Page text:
50 years ago Stonewall uprising June 28-29, 1969: Homosexuality was a mental illness and discrimination

The Stonewall riots (also referred to as the Stonewall uprising or the Stonewall rebellion) were a series of spontaneous, violent demonstrations by members of the gay (LGBT) community[note 1] against a police raid that began in the early morning hours of June 28, 1969, at the Stonewall Inn in the Greenwich Village neighborhood of Manhattan, New York City. They are widely considered to constitute the most important event leading to the gay liberation movement[1][2][3][4] and the modern fight for LGBT rights in the United States. …The events that took place at the Stonewall Inn led to the first gay pride parades in the United States and in many other countries. On June 28, 1970, a march was led from Greenwich Village to the Sheep Meadow in Central Park

About the artwork on the spot The Gay Liberation Monument (1992) is a monument with a statue of Gay Liberation by the artist George Segal (1924 – 2000). The park with the monument is located in the Greenwich Village area of ​​New York. Segal’s monument is within the nationally registered Stonewall National Monument which includes Christopher Street and Christopher Park opposite the Stonewall Inn which was the bar where the rebellion began. The uprising was about the police raiding raids against gay bars to get bribes on scattering permits

There are four figures representing a pair of men and a couple of women. The sculptures have a white surface similar to plaster. Couple of women sitting on a bench and couple of men standing up. Both couples hold each other together in a tender and close relationship. Shows an everyday scene.

The sculptures are made of bronze and white-lacquered. They were plaster casts of people They were cast already in 1980 but were not allowed to be the first in New York. Only in 1992 were they moved to New York and were inaugurated as part of the monument. Inscription: GAY LIBERATION / BY / GEORGE SEGAL / BRONZE CAST – 1980 / DEDICATED – 1992 / — / GIFT OF THE MILDRED ANDREWS FUND / TO THE CITY OF NEW YORK /

Segal figures tell of a scene that looks like everyday life played on a quiet day in the park as in a tableaux scene. The white color gives a kind of spooky and melancholy expression and they have some kind of anonymity. There is criticism of the choice of artist because George Segal is heterosexual and not LGBT.

How can this work broaden the discourse on memory and history?

Are they excessive stereotypes like the artist’s Kara Walker? The monument is called Gay Liberation, which associates Stonewall with the gay fight for rights to be publicly visible and protected with the same rights in society. During this time in the 80s and early 90s, transgender people were not integrated into the LGBT movement which was only talked about as Gay & Lesbian. The four figures are white and look like middle class.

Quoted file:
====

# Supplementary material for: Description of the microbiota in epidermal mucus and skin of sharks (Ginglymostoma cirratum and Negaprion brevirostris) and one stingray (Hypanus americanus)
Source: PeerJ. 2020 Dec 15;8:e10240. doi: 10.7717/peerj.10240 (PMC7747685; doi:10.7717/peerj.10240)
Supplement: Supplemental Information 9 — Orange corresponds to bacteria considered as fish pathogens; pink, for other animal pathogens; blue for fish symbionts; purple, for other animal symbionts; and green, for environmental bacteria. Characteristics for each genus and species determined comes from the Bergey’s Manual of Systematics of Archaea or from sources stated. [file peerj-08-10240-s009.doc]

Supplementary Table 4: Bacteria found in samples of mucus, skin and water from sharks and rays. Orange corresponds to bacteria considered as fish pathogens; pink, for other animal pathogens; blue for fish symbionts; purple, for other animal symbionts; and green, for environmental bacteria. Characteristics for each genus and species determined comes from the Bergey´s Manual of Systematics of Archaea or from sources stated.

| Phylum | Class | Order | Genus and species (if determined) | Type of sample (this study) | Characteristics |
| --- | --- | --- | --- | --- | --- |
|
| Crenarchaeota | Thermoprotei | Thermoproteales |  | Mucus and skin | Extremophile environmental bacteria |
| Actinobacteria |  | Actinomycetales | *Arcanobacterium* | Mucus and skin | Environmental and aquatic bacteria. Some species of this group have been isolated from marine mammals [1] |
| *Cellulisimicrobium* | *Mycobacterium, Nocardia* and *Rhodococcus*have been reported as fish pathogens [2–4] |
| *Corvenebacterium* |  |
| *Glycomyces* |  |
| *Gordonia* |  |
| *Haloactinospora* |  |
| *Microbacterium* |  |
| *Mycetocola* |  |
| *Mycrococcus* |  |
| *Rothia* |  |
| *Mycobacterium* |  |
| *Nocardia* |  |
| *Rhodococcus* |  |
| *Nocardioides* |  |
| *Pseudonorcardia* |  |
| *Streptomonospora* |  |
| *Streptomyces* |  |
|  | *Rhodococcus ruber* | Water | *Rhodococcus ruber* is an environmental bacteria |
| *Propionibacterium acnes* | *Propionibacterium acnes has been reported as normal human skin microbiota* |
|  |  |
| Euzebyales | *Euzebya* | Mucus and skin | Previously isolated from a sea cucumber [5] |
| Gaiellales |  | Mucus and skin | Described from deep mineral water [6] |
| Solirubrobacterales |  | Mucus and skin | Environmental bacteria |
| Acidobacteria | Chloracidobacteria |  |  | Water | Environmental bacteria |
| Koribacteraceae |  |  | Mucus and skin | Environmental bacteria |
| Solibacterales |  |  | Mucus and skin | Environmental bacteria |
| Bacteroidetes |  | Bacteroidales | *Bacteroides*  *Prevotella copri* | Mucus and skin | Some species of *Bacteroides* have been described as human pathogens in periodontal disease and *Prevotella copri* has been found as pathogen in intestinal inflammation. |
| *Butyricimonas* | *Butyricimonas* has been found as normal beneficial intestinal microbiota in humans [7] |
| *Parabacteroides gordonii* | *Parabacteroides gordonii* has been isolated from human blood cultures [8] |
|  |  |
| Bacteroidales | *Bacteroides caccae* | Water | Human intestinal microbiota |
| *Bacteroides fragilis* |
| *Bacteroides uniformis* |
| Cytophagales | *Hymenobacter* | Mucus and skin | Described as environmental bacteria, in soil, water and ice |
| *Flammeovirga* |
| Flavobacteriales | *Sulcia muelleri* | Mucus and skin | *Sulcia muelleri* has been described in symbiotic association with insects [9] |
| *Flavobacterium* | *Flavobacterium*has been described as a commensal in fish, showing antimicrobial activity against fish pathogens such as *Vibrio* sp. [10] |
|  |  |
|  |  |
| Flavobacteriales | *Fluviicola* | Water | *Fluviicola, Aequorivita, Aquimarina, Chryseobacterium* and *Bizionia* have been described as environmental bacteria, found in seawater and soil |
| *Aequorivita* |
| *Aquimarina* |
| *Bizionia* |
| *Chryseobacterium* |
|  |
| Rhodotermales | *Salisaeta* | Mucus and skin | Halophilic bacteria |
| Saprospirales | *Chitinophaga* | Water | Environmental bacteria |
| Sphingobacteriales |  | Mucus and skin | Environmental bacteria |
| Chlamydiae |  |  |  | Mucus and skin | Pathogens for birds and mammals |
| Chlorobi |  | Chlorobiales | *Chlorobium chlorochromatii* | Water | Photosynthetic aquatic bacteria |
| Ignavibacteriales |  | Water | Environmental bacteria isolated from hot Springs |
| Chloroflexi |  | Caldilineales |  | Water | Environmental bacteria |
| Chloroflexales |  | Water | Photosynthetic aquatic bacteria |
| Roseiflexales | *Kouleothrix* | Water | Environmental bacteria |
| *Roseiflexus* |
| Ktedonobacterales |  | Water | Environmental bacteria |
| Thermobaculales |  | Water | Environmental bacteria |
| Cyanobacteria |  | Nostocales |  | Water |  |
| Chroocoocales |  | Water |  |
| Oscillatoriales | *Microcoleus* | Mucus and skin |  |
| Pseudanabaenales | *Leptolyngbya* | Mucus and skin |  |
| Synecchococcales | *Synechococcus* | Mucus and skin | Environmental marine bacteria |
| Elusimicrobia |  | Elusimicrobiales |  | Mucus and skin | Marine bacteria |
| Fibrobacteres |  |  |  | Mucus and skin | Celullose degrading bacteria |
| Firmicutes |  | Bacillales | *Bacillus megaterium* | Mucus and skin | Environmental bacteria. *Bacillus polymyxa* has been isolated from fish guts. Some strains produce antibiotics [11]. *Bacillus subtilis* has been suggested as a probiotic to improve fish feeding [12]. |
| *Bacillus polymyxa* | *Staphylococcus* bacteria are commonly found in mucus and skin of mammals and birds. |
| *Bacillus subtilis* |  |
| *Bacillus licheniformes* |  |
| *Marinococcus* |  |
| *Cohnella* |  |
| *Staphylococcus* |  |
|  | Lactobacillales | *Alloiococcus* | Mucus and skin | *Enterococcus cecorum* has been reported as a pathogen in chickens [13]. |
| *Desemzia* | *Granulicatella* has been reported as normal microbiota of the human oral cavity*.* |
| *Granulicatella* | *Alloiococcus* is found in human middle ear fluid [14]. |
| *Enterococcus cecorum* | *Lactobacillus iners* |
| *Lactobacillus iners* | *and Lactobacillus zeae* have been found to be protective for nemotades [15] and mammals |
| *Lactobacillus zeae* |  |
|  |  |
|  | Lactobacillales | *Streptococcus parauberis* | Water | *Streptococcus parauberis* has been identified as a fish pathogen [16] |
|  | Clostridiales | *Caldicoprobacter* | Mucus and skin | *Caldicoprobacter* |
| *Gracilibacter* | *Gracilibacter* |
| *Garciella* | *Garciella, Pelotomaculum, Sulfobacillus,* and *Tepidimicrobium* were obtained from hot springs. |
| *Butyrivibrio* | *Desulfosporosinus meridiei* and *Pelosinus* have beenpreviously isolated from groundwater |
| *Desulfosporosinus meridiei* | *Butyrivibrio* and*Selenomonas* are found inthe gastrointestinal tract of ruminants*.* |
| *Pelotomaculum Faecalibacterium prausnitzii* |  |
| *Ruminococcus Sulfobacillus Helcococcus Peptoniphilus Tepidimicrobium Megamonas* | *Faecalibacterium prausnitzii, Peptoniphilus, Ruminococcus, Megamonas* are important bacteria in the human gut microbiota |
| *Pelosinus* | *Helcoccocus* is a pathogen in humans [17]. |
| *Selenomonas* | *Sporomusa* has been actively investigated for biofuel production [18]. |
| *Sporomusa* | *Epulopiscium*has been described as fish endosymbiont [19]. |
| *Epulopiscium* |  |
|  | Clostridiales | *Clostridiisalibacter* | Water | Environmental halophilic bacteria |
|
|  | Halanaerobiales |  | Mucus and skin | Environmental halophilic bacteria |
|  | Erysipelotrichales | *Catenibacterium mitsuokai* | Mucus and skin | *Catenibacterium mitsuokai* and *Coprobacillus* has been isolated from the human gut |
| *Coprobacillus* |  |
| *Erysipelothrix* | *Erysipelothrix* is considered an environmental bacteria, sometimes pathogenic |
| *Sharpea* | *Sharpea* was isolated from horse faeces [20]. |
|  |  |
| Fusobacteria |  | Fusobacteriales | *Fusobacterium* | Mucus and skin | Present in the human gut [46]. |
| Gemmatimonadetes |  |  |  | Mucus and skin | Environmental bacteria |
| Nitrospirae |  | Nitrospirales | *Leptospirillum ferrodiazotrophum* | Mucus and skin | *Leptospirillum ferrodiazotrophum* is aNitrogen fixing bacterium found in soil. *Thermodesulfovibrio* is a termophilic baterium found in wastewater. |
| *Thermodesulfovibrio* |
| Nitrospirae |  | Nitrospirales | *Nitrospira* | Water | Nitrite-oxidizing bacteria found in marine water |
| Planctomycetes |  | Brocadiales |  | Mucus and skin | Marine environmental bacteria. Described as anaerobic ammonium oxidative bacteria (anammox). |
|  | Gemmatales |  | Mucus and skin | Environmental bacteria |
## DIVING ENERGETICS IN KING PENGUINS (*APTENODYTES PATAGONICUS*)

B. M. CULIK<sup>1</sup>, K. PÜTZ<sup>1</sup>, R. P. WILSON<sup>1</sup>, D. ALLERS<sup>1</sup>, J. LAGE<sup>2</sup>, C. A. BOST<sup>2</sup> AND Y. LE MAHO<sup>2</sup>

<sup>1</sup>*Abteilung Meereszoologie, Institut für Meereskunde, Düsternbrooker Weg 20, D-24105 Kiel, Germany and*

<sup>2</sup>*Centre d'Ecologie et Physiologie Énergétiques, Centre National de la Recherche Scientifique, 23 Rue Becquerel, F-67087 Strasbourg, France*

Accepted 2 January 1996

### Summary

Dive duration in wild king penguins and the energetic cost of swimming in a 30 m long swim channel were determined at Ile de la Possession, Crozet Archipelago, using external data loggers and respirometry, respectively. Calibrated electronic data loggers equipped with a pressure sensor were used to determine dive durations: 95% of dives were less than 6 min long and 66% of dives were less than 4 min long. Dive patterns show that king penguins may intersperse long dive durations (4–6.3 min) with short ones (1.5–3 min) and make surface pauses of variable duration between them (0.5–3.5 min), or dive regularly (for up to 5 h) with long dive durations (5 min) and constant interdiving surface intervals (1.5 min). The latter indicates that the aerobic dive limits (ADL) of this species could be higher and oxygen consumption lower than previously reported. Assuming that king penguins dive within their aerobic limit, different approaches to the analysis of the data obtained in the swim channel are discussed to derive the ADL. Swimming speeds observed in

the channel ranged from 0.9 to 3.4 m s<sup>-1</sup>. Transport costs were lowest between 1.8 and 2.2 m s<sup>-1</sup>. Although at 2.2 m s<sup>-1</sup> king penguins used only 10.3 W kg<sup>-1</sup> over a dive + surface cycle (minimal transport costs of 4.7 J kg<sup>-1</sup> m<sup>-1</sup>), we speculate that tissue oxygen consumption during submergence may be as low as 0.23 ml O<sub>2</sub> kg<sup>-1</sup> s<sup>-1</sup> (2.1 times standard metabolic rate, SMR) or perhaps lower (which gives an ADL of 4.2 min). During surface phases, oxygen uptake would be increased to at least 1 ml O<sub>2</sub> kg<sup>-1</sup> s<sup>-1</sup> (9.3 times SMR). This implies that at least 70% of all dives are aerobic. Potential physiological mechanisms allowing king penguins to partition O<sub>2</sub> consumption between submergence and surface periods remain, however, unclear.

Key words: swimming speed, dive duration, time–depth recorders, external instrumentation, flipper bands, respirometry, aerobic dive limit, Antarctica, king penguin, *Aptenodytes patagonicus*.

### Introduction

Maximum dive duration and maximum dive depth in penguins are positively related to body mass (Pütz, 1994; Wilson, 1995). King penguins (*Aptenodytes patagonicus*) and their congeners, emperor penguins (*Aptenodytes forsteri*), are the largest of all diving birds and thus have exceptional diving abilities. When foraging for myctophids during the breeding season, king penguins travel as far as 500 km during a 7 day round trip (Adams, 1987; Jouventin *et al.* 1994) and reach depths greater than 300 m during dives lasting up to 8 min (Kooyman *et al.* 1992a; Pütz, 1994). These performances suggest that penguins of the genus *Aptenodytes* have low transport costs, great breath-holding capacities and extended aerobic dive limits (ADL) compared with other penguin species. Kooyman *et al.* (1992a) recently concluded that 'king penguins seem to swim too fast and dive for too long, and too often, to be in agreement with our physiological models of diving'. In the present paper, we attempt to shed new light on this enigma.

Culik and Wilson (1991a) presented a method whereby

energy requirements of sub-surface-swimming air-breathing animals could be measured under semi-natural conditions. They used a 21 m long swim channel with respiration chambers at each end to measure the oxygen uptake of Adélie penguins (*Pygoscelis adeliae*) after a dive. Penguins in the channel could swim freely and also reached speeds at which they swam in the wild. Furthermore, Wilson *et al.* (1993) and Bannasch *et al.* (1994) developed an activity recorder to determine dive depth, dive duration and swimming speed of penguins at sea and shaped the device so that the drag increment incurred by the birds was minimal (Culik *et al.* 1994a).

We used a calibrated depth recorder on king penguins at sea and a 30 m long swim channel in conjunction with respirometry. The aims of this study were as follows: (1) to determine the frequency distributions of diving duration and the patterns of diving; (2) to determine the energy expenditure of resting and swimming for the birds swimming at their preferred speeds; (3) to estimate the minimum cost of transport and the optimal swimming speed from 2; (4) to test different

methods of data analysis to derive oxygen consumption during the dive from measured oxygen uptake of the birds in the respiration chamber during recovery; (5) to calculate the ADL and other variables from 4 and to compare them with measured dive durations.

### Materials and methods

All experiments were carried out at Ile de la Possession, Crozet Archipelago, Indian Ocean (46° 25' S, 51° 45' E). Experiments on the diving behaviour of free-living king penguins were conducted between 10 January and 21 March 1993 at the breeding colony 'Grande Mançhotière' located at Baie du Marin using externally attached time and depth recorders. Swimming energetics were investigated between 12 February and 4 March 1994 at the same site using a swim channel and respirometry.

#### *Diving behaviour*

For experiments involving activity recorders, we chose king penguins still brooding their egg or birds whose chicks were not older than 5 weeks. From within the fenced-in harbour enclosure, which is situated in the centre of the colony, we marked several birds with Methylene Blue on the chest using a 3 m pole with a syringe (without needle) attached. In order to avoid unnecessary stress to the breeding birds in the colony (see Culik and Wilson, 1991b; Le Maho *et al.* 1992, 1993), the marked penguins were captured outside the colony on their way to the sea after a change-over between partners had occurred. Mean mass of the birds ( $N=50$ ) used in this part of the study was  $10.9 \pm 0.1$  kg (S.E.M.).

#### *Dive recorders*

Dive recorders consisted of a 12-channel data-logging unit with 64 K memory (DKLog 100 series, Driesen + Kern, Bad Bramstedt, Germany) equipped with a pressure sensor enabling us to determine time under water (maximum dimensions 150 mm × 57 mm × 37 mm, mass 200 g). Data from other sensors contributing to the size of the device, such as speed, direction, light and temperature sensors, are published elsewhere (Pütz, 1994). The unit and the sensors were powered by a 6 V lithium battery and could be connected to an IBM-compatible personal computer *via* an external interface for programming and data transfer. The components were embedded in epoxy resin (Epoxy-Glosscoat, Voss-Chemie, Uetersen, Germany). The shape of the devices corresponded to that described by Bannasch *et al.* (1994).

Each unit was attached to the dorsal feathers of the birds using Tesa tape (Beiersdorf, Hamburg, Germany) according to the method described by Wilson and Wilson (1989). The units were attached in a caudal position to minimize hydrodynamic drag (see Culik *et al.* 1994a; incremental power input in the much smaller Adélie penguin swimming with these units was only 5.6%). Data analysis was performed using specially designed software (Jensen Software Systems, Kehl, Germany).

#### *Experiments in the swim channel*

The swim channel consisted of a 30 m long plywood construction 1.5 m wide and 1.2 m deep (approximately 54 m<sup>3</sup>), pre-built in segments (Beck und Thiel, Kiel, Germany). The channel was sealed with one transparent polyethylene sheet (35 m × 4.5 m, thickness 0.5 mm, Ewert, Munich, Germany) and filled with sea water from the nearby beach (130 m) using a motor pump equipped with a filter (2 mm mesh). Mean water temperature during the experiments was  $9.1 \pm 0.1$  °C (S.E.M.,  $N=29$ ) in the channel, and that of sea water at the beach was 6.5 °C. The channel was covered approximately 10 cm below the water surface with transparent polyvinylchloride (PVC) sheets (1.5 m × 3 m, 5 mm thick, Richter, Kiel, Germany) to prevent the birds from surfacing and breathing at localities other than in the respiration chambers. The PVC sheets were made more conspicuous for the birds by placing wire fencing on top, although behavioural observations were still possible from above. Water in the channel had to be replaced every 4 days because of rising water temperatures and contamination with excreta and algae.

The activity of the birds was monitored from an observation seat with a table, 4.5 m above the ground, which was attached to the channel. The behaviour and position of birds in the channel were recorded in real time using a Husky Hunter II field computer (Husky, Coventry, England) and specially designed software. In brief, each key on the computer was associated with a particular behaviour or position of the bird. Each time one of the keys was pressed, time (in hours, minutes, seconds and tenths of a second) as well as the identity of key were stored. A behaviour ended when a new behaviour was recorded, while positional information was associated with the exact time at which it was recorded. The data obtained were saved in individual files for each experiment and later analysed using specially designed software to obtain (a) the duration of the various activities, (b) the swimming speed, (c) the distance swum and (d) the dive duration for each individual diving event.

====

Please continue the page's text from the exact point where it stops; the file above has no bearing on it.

Stonewall rebellion led by the people most harassed by the police; the colored transgender people at the bar. The two most famous were the black transgender Marsha P. Jonsson 25 years who performed there at the bar as a drag artist and the Puerto Rican transgender Silvia Rivera 17 years. Marscha who were the first to attack a police car at the bar would later be murdered in 1992 (Wikipedia, Marsha P. Johnson). But in 1973, Silvia had spoken in Washington Square Parc where she accused the gay movement of being racist, excluded and transphobic (Wikipedia, Sylvia Rivera). Everyday life for transgender people was full of violence, abuse, police brutality, prison and poverty shown in the documentary Major! (2014).

But immediately after the uprising, transgender people of the larger minority homosexuals were not accepted at demonstrations, but they had to wait until the year 2000 to be accepted in the LGBT narrative. Instead, the myth of the homosexuals created that they themselves led the Stonewall uprising. It is this memory and historiography that Segal uses in the same way as the artist Eleanor Antin’s mother’s memory of Vilnius; romanticized, embellished and fictitious.

Here it turns out how complex our personal memories work. Interactive memory that is socialized with others and influences how our history writing is constructed at different levels both through selection and mythology. Some stereotypes are created to create our new visions of society and other people who have contributed to art, philosophy and culture may be omitted entirely for creating the new visions? Much like when a perched stone statue of an unwanted female pharaoh is sentenced to oblivion? We can all lack memory pictures we have never had? A sense of emptiness that is greater than the rational? Over time, can we all learn to coexist?


Kalb R. Peter (2013), Art since 1980: Charting the contemporary, Laurence King Publishing:London.

Gay Liberation Monument
[Accessed 28/06/19].